Captain James Cook uncooks the weather books, as reported in the Courier Mail August 4, 2008. More than 6,000 Royal Navy logs dating from the 1600’s have been surveyed by the UK Meteorological Office and other experts The Sun newspaper reports. The ships’ logs, of Captain James Cook, Lord Nelson and thousands more like them who sailed the globe and recorded weather observations, have revealed that recent global warming is not so unusual after all. Maritime historian Sam Willis said: “From these records, scientists can build a detailed picture of past weather and climate”. These on the spot records show the world went through a similar period of global warming in the 1730’s that could not have been man-made. And freak storms like the ones experienced recently also occurred in the 1680’s and 1690’s which were the coldest decades in what is known as the Little Ice Age – so could not have been caused by global warming.

Cook sailed from Alaska to the Antarctic, and Nelson, who maintained his ships’ logs himself, covered the Arctic, West Indies, south east Asia and Mediterranean. Geographer Dr Dennis Wheeler, of Sunderland University, said: “British archives contain more than 100,000 Royal Navy logbooks from around 1670 to 1850 alone. They are a stunning resource. Global warming is a reality, but our data shows climate science is complex. It is wrong to take particular events and link them to carbon dioxide emissions.” Evidence from the many logs, which are still being studied, will be published in respected science journal Climatic Change.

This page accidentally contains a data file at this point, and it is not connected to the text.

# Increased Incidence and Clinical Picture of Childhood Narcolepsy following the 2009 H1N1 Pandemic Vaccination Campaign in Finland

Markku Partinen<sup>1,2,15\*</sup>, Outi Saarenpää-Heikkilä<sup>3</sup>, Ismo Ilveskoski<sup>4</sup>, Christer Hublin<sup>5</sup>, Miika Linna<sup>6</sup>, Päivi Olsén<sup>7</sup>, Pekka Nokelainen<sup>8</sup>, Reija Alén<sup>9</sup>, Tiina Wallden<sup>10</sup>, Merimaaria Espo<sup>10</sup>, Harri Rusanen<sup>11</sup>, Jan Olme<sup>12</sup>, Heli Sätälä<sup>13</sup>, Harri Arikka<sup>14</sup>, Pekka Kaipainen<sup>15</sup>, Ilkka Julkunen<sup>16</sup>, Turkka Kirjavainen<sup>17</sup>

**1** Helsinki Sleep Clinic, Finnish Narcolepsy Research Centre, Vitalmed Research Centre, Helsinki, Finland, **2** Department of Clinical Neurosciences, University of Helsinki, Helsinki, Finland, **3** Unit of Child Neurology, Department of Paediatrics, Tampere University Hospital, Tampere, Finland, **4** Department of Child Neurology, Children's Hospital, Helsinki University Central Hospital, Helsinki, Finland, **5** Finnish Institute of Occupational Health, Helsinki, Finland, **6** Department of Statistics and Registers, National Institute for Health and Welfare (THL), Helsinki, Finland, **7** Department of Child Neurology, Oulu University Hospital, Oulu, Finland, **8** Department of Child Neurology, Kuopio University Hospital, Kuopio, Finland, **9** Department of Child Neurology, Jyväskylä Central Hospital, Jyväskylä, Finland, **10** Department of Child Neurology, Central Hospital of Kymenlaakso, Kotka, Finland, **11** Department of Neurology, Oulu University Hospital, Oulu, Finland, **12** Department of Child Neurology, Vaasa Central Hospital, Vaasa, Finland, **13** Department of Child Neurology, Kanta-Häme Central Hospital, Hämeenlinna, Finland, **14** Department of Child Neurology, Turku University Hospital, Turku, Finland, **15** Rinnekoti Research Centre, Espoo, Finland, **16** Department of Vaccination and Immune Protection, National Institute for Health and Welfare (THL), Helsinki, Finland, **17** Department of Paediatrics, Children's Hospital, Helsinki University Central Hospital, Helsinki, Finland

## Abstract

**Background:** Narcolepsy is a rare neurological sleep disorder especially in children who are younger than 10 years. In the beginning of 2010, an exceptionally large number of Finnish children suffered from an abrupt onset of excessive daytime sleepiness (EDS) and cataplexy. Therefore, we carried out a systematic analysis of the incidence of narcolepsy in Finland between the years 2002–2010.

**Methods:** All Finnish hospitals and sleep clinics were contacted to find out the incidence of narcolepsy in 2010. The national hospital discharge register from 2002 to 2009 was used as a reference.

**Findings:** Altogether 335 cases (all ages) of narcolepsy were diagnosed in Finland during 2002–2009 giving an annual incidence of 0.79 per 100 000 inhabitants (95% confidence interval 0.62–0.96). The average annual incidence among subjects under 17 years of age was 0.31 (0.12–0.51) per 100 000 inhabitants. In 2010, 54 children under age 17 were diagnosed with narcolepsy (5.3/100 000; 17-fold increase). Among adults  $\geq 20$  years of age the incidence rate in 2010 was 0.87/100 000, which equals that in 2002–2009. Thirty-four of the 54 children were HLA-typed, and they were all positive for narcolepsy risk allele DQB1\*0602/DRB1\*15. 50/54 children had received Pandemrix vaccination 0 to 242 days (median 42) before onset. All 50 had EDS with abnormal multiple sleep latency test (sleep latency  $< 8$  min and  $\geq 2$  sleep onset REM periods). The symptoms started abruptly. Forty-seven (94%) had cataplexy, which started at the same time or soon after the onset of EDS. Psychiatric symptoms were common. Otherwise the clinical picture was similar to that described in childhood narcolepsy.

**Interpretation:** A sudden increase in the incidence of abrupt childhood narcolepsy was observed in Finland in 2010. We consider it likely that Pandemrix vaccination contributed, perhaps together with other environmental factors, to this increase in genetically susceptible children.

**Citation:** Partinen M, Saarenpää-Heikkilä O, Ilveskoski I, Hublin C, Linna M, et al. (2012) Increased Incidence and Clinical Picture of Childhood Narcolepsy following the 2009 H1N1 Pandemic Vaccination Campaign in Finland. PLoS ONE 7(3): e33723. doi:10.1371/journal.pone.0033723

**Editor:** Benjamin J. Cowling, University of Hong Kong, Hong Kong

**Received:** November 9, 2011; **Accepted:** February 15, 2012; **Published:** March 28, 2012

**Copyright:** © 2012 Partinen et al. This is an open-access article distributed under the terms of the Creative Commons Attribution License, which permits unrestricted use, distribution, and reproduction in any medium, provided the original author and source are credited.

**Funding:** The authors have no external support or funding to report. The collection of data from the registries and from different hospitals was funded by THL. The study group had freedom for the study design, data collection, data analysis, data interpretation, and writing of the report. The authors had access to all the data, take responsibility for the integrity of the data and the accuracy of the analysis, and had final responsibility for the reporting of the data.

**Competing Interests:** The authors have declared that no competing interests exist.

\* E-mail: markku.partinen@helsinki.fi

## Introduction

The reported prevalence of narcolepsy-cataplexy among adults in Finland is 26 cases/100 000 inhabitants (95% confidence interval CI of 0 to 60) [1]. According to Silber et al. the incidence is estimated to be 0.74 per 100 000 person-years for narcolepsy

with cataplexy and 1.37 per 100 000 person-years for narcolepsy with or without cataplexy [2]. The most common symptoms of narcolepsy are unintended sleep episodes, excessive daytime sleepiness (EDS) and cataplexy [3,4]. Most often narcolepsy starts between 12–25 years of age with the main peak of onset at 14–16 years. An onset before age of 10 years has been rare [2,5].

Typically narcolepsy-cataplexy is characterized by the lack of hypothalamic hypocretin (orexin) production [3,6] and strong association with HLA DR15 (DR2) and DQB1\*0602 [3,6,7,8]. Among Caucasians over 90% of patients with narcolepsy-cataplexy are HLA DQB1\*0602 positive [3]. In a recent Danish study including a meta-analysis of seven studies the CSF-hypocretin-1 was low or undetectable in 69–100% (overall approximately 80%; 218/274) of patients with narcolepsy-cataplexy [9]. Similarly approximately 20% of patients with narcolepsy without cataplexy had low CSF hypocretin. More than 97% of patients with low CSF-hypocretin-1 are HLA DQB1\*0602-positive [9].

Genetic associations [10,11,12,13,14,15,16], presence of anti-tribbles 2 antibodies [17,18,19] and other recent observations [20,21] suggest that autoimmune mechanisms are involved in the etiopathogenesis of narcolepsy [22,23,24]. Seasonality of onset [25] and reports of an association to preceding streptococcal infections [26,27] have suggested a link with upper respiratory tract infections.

Editorial Comment: Let’s just say the old lesson to be learnt again here is that it is wiser to rely on the records of those who were there than the opinions of Politicians and Greens who were not, who proudly and ignorantly believe they live at the most important time in history and the observations they make are the only ones that count. As the writer in the book of Proverbs recorded “there is nothing new under the sun!” (ref: climate, history, Gore)

Evidence News 13 August 2008